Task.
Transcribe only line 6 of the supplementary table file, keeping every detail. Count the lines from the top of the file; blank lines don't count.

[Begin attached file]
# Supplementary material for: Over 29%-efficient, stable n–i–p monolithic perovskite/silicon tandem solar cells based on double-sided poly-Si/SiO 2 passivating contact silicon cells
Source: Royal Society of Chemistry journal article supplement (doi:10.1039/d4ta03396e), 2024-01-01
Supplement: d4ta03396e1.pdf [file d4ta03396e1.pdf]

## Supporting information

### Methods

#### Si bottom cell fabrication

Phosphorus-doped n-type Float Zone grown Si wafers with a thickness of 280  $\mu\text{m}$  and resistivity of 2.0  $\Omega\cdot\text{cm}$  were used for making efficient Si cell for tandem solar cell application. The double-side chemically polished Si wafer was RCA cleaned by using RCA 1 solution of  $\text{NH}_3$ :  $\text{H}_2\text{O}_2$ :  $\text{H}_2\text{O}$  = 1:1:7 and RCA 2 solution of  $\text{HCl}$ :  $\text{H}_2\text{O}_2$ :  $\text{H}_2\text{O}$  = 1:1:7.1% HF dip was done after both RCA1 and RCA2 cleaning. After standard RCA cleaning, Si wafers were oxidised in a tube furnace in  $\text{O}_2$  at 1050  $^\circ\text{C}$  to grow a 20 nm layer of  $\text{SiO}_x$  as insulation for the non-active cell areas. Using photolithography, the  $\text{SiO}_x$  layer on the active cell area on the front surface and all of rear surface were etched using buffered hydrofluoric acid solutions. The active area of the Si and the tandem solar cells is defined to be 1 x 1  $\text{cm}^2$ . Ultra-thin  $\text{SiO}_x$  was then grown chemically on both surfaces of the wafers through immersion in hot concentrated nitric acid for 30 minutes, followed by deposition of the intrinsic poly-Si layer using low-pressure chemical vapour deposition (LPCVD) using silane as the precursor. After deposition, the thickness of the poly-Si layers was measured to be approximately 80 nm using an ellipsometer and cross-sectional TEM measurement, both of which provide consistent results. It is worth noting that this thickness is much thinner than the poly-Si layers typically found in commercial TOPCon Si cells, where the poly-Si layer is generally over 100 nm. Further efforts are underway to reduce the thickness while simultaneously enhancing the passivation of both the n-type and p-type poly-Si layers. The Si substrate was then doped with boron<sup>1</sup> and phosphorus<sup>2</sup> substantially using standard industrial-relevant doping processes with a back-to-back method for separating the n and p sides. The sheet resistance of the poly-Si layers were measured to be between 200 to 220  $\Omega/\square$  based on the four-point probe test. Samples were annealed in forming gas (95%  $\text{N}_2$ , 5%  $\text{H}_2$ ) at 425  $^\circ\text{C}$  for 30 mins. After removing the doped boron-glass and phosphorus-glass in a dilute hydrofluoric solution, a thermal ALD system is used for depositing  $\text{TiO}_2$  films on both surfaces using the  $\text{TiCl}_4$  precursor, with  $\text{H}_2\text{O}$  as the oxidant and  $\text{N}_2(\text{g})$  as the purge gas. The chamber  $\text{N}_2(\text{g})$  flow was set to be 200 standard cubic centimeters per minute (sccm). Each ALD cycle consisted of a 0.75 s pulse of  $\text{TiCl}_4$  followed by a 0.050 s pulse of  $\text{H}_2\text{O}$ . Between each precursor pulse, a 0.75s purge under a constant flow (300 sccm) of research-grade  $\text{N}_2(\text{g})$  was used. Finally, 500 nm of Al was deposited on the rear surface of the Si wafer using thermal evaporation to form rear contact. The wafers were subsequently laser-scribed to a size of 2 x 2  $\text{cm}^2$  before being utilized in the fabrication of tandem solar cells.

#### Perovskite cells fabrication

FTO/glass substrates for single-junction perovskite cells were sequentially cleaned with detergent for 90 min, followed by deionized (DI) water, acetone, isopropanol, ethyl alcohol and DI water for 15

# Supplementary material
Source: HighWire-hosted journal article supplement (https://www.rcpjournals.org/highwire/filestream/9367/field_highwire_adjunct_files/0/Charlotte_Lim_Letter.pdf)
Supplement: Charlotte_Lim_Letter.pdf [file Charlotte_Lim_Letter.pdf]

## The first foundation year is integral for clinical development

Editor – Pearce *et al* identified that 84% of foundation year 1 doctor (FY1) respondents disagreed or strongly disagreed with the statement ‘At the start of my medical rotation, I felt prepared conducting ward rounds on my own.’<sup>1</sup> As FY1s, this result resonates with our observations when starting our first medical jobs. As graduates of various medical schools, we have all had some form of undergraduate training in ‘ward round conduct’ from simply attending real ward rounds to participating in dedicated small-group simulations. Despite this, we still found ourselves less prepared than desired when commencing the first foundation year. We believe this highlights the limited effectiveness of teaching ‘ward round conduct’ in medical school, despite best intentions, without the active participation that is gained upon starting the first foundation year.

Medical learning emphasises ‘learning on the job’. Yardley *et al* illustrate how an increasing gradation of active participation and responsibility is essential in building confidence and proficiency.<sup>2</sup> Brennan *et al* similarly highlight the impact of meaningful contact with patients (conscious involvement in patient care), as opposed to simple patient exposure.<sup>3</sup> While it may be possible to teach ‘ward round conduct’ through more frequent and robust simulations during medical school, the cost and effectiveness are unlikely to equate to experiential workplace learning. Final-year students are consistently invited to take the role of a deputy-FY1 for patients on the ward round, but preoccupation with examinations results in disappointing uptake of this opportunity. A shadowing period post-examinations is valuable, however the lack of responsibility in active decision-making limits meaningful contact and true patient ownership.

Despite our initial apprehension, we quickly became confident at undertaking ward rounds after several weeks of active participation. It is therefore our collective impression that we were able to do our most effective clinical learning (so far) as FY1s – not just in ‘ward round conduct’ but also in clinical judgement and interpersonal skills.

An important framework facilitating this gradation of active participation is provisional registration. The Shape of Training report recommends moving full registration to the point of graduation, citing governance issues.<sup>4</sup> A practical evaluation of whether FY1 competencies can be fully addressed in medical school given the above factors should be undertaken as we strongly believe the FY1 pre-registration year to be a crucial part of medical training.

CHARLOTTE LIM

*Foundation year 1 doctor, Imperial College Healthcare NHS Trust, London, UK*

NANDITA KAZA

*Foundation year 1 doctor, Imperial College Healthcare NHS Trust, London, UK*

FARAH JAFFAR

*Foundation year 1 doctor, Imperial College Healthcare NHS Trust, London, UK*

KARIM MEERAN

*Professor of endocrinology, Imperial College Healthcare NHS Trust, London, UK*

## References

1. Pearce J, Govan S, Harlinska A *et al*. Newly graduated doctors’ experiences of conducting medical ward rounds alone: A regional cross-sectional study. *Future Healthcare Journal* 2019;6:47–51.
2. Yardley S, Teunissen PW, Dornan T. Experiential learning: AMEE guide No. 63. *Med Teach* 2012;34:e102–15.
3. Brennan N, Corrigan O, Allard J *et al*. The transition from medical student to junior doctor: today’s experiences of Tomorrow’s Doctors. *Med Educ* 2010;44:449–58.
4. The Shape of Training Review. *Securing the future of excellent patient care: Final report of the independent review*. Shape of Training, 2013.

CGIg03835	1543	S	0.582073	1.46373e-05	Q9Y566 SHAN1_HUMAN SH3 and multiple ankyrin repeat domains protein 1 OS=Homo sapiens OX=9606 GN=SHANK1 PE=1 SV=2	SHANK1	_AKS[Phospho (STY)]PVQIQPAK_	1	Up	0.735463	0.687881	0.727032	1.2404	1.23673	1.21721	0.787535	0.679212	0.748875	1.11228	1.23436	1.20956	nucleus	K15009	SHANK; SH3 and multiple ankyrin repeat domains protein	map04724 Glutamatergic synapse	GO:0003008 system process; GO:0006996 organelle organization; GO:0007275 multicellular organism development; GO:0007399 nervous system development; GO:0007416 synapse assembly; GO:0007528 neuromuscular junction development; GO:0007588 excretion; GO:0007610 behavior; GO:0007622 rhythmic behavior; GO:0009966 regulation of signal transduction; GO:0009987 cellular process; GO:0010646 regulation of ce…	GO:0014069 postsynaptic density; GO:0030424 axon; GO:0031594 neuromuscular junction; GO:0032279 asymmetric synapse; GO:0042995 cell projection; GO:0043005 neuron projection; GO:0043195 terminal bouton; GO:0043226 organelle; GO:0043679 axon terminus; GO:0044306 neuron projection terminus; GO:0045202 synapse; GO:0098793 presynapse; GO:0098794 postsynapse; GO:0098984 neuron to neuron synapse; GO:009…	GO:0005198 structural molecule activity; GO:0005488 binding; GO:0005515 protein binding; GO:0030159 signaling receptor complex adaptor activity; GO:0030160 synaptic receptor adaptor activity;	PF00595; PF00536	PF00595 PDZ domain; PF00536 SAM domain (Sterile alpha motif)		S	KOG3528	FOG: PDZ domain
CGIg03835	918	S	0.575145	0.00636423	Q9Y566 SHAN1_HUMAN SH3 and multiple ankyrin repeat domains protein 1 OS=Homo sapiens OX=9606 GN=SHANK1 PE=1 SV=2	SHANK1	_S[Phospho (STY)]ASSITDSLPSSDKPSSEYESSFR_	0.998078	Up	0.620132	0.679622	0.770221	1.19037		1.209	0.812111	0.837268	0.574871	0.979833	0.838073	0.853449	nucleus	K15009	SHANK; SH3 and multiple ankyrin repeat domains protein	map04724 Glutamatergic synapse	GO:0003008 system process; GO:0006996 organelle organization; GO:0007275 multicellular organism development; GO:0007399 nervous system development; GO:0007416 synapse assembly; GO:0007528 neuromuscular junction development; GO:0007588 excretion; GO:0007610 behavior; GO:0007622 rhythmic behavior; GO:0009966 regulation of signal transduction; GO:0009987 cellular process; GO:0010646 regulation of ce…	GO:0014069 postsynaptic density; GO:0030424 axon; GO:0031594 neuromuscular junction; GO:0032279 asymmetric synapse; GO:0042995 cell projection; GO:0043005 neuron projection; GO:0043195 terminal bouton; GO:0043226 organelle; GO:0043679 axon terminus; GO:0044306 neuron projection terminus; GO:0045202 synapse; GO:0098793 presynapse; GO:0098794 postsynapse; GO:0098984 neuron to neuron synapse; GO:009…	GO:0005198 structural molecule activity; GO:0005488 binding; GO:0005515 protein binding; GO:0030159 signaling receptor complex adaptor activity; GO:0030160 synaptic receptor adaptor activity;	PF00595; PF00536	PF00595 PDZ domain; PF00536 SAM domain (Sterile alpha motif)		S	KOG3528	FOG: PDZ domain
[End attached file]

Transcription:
#### Si bottom cell fabrication